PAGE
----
Denmark got a new government yesterday.
Little more than two weeks after the general election, the leader of a center-left coalition went to the Queen and told that she had a government platform and a parliamentary majority behind it. She was duly appointed prime minister. Then handover ceremonies were held at the various government ministries. Outgoing ministers shook hand with their successors, gave good-natured farewell speeches, and then up and left.
The new government wows to dismantle many of the laws the old one passed. The election campaign has been moderately poisonous. These things are important; they affect the life and dreams of real live people all over the country. And yet, when the old leadership lost their majority, what they did was to smile sadly and step aside, hoping for better luck next time.
There had been no mass protests. No armored vehicles in the streets. No weapons fired or even readied. Power simply changed hands, just like that. Those formerly in power will, for the most part, stay in politics. They will do their best to undermine the new government's policies and popularity. They will not be harassed by the authorities for doing so.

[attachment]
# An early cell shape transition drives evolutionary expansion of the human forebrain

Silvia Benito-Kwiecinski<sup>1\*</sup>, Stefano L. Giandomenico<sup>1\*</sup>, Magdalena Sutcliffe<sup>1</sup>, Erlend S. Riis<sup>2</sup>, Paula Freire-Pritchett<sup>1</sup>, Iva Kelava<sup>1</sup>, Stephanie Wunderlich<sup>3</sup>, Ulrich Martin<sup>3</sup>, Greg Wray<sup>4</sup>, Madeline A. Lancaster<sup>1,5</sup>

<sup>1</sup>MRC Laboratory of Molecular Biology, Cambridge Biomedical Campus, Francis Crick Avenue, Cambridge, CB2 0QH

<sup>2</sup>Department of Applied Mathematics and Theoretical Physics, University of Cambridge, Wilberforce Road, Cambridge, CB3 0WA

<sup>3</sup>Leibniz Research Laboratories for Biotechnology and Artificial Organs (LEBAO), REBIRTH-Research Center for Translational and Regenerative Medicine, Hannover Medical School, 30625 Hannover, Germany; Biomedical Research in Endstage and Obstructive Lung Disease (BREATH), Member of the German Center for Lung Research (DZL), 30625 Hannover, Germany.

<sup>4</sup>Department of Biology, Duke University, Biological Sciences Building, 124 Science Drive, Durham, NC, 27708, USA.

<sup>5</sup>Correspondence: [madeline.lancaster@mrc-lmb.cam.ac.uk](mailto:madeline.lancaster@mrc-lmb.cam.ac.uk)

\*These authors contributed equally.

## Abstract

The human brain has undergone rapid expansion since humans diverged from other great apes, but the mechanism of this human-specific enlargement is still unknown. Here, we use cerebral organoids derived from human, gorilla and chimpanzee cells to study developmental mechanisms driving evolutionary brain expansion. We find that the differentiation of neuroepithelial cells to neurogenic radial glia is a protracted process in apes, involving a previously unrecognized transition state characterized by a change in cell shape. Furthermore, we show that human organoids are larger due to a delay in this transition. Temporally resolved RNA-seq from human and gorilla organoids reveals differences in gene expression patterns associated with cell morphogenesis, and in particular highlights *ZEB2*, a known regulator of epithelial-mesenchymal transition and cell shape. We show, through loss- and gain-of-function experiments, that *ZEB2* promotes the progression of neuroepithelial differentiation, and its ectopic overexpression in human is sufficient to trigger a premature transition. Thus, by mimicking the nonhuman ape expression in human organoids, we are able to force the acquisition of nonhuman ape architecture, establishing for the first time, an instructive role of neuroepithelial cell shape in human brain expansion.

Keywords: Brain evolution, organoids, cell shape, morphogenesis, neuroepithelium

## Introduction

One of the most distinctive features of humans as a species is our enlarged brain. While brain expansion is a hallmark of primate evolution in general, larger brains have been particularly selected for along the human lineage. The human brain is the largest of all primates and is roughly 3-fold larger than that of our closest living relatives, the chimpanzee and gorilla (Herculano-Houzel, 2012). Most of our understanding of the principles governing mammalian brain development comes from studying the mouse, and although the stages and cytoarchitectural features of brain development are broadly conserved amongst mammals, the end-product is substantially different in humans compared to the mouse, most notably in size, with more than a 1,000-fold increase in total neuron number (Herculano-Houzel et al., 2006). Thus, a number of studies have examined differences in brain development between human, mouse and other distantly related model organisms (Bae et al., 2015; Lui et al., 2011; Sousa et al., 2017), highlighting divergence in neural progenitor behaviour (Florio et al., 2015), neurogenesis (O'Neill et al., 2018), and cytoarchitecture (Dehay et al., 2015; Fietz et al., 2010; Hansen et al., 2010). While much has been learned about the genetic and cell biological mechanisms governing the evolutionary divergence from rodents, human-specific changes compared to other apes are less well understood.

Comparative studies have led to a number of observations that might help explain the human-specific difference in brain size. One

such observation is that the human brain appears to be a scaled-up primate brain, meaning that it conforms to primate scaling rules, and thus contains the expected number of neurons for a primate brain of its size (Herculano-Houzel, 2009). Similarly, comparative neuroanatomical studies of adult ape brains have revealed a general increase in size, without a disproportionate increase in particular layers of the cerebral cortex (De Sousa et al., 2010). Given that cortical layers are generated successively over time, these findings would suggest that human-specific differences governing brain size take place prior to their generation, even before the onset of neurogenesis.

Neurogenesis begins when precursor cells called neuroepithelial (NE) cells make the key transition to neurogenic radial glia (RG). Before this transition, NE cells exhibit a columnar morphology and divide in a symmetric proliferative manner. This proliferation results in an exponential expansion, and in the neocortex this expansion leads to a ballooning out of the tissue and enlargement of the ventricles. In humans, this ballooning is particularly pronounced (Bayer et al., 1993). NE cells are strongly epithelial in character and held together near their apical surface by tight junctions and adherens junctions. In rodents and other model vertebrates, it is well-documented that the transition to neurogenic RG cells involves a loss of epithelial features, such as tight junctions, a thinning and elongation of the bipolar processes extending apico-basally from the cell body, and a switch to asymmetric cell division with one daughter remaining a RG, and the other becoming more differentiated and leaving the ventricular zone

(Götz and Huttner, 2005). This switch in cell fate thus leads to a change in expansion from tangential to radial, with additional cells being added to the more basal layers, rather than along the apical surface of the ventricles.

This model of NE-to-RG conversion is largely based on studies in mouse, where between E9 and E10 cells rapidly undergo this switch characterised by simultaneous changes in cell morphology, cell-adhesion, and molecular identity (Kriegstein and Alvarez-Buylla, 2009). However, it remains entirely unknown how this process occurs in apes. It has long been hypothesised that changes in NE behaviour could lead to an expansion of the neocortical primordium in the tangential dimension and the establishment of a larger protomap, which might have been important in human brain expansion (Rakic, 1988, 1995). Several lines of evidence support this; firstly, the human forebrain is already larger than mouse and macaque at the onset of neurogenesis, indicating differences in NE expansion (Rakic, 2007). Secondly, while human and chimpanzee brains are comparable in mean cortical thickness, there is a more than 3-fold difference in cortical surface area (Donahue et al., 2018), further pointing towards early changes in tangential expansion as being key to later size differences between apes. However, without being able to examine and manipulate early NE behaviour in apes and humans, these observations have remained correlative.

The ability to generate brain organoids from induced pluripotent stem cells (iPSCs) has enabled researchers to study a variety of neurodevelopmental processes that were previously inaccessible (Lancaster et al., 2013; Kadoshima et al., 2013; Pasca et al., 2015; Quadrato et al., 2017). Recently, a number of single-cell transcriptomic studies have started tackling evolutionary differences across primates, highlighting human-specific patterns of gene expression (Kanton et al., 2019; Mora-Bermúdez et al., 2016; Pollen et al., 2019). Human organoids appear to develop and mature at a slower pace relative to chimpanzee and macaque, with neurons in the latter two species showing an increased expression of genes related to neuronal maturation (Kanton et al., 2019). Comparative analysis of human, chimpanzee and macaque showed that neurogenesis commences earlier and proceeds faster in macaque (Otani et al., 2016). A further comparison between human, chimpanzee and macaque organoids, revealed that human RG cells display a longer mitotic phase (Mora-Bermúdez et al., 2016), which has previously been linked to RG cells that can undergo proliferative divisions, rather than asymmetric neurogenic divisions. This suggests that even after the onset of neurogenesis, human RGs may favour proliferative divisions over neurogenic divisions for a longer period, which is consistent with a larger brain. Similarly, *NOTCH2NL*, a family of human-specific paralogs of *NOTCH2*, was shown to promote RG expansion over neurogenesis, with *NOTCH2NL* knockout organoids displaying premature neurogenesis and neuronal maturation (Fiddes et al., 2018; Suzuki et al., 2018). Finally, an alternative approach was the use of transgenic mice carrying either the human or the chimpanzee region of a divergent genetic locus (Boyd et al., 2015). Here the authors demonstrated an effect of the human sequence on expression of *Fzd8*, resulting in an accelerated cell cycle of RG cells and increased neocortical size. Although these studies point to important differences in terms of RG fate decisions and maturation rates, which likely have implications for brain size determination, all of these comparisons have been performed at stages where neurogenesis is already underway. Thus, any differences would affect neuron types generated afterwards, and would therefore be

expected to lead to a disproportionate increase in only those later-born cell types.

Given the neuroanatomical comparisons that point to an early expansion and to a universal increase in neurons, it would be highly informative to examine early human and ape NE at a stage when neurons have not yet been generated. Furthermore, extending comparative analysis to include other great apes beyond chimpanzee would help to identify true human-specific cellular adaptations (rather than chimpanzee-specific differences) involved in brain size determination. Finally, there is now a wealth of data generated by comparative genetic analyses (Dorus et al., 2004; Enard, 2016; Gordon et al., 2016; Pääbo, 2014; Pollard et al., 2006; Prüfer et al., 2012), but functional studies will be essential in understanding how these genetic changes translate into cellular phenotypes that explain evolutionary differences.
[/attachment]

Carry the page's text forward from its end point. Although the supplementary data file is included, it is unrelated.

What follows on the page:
That, my friends, is fucking remarkable. If it sounds banal, it is only because it has been the norm for about a half-dozen decades, in about a score countries mostly clustered in about half a hemisphere. Compared to most of history, or even to most of the world today, it is simply unbelievable.
We are, in general, unaware how lucky we are. We should be out in the streets, waving flags, whooping and cheering for being able to do this. We aren't, because it just feels normal. But that doesn't make it so.
For full disclosure, I'm a member of one of the parties in the new government, so it goes without saying that I'm happy to have it. But I'm even happier that sometimes we're not in power, because otherwise we wouldn't be able to do this. A peaceful, democratic change of government is one of the greatest things one can ever be part of -- and it makes me very proud to be Danish.
(If you're from another country that does this regularly, go ahead and be proud of that too. There's enough to go around.)